The lawsuit seeks to seize all of author Stephanie Winston Wolkoff's profits from the book.
The US Department of Justice (DOJ) accused Stephanie Winston Wolkoff, author of a tell-all book about first lady Melania Trump, of breaking their nondisclosure agreement and asked a court to set aside profits from the book in a government trust.
In a lawsuit filed in US District Court in Washington, DOJ lawyers said Wolkoff, a former aide who fell out with the first lady, failed to submit to the government for review a draft of her book, "Melania and Me: The Rise and Fall of My Friendship with the First Lady," which offers an unflattering portrayal of President Donald Trump's wife.
While Wolkoff, who worked on an unpaid basis for Melania during 2017-2018, was not a federal employee, the suit says she nevertheless signed a federally enforceable "contract" called a gratuitous services agreement.
In that agreement, she was "specifically prohibited from publishing, reproducing or otherwise divulging any such information to any unauthorised person or entity in whole or in part."
She also was forbidden from profiting from what she learned in the White House, without the approval of White House lawyers, the suit said.
'Right of free expression'
Wolkoff, in a statement issued late on Tuesday, said she had fulfilled all the terms of her agreement with Melania Trump and the confidentiality provisions ended "when the White House terminated the agreement."
"The president and first lady’s use of the US Department of Justice to silence me is a violation of my First Amendment Rights and a blatant abuse of the government to pursue their own personal interests and goals," she said.
She said she had exercised her right of free expression with the publication of her book and "I will not be deterred by these bullying tactics.”
"Melania and Me: The Rise and Fall of My Friendship With the First Lady," purported to lift the veil off the 50-year-old ex-model of Slovenian origin who became the third wife of the real estate mogul turned president.
It portrays a much more active and decisive Melania than generally understood, and depicted her as a bitter rival of Donald Trump's daughter Ivanka, labelling her and her husband Jared Kushner as "snakes."
All profit to Treasury Department
The government asked that any profits Wolkoff might realise from the book and subsequent movie deal or documentary be set aside into a "constructive trust," with the monies ultimately going to the Treasury Department.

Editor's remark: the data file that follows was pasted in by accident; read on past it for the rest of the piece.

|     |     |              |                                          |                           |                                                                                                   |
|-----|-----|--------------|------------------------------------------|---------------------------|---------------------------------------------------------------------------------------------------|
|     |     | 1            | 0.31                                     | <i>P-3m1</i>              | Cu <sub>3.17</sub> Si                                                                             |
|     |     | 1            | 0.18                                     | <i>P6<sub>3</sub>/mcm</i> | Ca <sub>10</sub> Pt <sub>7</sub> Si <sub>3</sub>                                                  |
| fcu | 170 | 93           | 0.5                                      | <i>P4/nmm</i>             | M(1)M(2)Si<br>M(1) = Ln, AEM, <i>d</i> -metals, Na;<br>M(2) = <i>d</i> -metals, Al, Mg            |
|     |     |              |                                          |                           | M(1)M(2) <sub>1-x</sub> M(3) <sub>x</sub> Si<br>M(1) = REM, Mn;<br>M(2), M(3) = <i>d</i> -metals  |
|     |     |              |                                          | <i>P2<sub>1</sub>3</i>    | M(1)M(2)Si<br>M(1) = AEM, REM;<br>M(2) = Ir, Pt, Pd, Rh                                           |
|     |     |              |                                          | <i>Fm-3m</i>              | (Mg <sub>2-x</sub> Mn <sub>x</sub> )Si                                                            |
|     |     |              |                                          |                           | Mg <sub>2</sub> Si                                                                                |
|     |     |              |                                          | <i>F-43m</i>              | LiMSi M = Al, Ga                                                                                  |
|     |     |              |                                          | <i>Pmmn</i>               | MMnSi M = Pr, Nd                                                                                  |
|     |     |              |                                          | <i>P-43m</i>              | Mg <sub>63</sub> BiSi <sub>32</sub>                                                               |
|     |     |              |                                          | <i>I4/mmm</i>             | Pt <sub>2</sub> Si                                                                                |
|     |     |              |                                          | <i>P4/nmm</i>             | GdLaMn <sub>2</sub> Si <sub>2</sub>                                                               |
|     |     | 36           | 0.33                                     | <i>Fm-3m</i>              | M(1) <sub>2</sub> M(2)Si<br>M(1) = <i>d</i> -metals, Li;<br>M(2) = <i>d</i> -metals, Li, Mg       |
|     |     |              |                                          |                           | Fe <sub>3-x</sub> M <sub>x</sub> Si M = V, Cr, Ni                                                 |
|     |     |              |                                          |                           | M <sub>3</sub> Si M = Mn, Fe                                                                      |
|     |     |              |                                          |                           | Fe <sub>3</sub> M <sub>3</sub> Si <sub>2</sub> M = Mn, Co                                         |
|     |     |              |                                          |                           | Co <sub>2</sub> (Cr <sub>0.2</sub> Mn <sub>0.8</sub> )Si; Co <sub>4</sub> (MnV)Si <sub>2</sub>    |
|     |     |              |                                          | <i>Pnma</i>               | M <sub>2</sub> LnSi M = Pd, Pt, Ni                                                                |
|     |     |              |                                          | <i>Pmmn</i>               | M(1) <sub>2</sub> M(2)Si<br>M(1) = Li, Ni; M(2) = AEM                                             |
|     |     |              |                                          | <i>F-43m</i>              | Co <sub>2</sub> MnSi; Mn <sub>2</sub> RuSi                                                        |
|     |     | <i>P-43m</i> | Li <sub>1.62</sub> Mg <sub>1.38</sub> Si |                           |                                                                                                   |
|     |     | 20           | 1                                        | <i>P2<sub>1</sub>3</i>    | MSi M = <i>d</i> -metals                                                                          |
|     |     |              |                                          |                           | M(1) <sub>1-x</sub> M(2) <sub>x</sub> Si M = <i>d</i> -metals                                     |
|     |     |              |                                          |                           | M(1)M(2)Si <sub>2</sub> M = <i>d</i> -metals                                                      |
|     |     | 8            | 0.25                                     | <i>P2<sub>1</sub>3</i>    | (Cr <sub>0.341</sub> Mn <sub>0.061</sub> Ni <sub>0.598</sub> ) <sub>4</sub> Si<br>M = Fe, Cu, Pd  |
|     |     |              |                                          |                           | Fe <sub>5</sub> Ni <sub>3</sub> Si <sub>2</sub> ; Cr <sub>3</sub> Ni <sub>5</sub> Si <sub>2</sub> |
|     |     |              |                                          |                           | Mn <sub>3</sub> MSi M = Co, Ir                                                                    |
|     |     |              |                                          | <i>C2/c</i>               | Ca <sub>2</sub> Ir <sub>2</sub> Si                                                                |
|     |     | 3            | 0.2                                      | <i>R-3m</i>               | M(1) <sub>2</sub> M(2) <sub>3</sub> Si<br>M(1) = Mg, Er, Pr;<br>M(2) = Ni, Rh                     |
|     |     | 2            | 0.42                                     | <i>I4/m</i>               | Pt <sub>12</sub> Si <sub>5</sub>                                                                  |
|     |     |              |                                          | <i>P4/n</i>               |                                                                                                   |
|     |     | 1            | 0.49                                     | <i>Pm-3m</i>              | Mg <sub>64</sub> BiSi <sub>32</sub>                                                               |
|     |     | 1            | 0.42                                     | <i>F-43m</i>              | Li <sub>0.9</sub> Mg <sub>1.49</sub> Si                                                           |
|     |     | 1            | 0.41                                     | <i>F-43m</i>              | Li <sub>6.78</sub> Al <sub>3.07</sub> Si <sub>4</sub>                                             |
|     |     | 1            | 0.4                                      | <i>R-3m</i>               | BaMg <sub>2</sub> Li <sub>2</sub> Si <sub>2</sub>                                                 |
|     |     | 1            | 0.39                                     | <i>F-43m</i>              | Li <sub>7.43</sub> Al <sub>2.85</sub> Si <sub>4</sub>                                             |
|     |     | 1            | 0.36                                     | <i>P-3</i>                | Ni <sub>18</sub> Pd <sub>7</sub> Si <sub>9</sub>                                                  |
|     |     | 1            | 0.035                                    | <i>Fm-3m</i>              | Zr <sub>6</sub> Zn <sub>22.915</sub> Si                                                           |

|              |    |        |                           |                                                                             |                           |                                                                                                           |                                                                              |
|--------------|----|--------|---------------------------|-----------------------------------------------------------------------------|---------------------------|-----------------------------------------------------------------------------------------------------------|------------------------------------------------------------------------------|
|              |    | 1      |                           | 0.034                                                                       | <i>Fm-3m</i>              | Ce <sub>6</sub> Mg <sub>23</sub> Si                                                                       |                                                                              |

Published six weeks ago, the book was for a time on the New York Times bestseller list.
"The United States seeks to hold Ms Wolkoff to her contractual and fiduciary obligations and to ensure that she is not unjustly enriched by her breach of the duties she freely assumed when she served as an adviser to the first lady," said a copy of the complaint seen by Reuters.
It says Wolkoff and Mrs Trump in August 2017 sealed a "Gratuitous Services Agreement" related to “nonpublic, privileged and/or confidential information” that she might obtain during her service under the agreement.
"This was a contract with the United States and therefore enforceable by the United States," said DOJ spokeswoman Kerri Kupec.
Similar to Bolton case
Wolkoff fell out with the Trumps over a scandal related to millions of dollars that went unaccounted for in the president's inauguration in January 2017, which she helped organize.
Earlier this year the attorney general of Washington sued Trump's inaugural committee and the president's Trump Organization business, alleging the Trump's profited heavily on the events.
Communications and records from Wolkoff are cited as evidence that contributed to the suit.
The lawsuit says Wolkoff was not free from her obligations to submit the book to Melania Trump and White House lawyers after she stopped working there.
While the DOJ warned Wolkoff and her publisher Simon & Schuster in July of the possible violation of her agreement, it did not take action until after the book was published.
The government action was similar to DOJ attempts to stop publication of a book published in June by former Trump national security adviser John Bolton.
Bolton was accused of divulging national security secrets, a charge he denied. Publication went ahead anyway and a court battle continues over his book, "The Room Where It Happened."
Wolkoff's tenure at the White House ended in early 2018, after it was disclosed that her company had received $26 million to help plan Trump's inauguration in January 2017.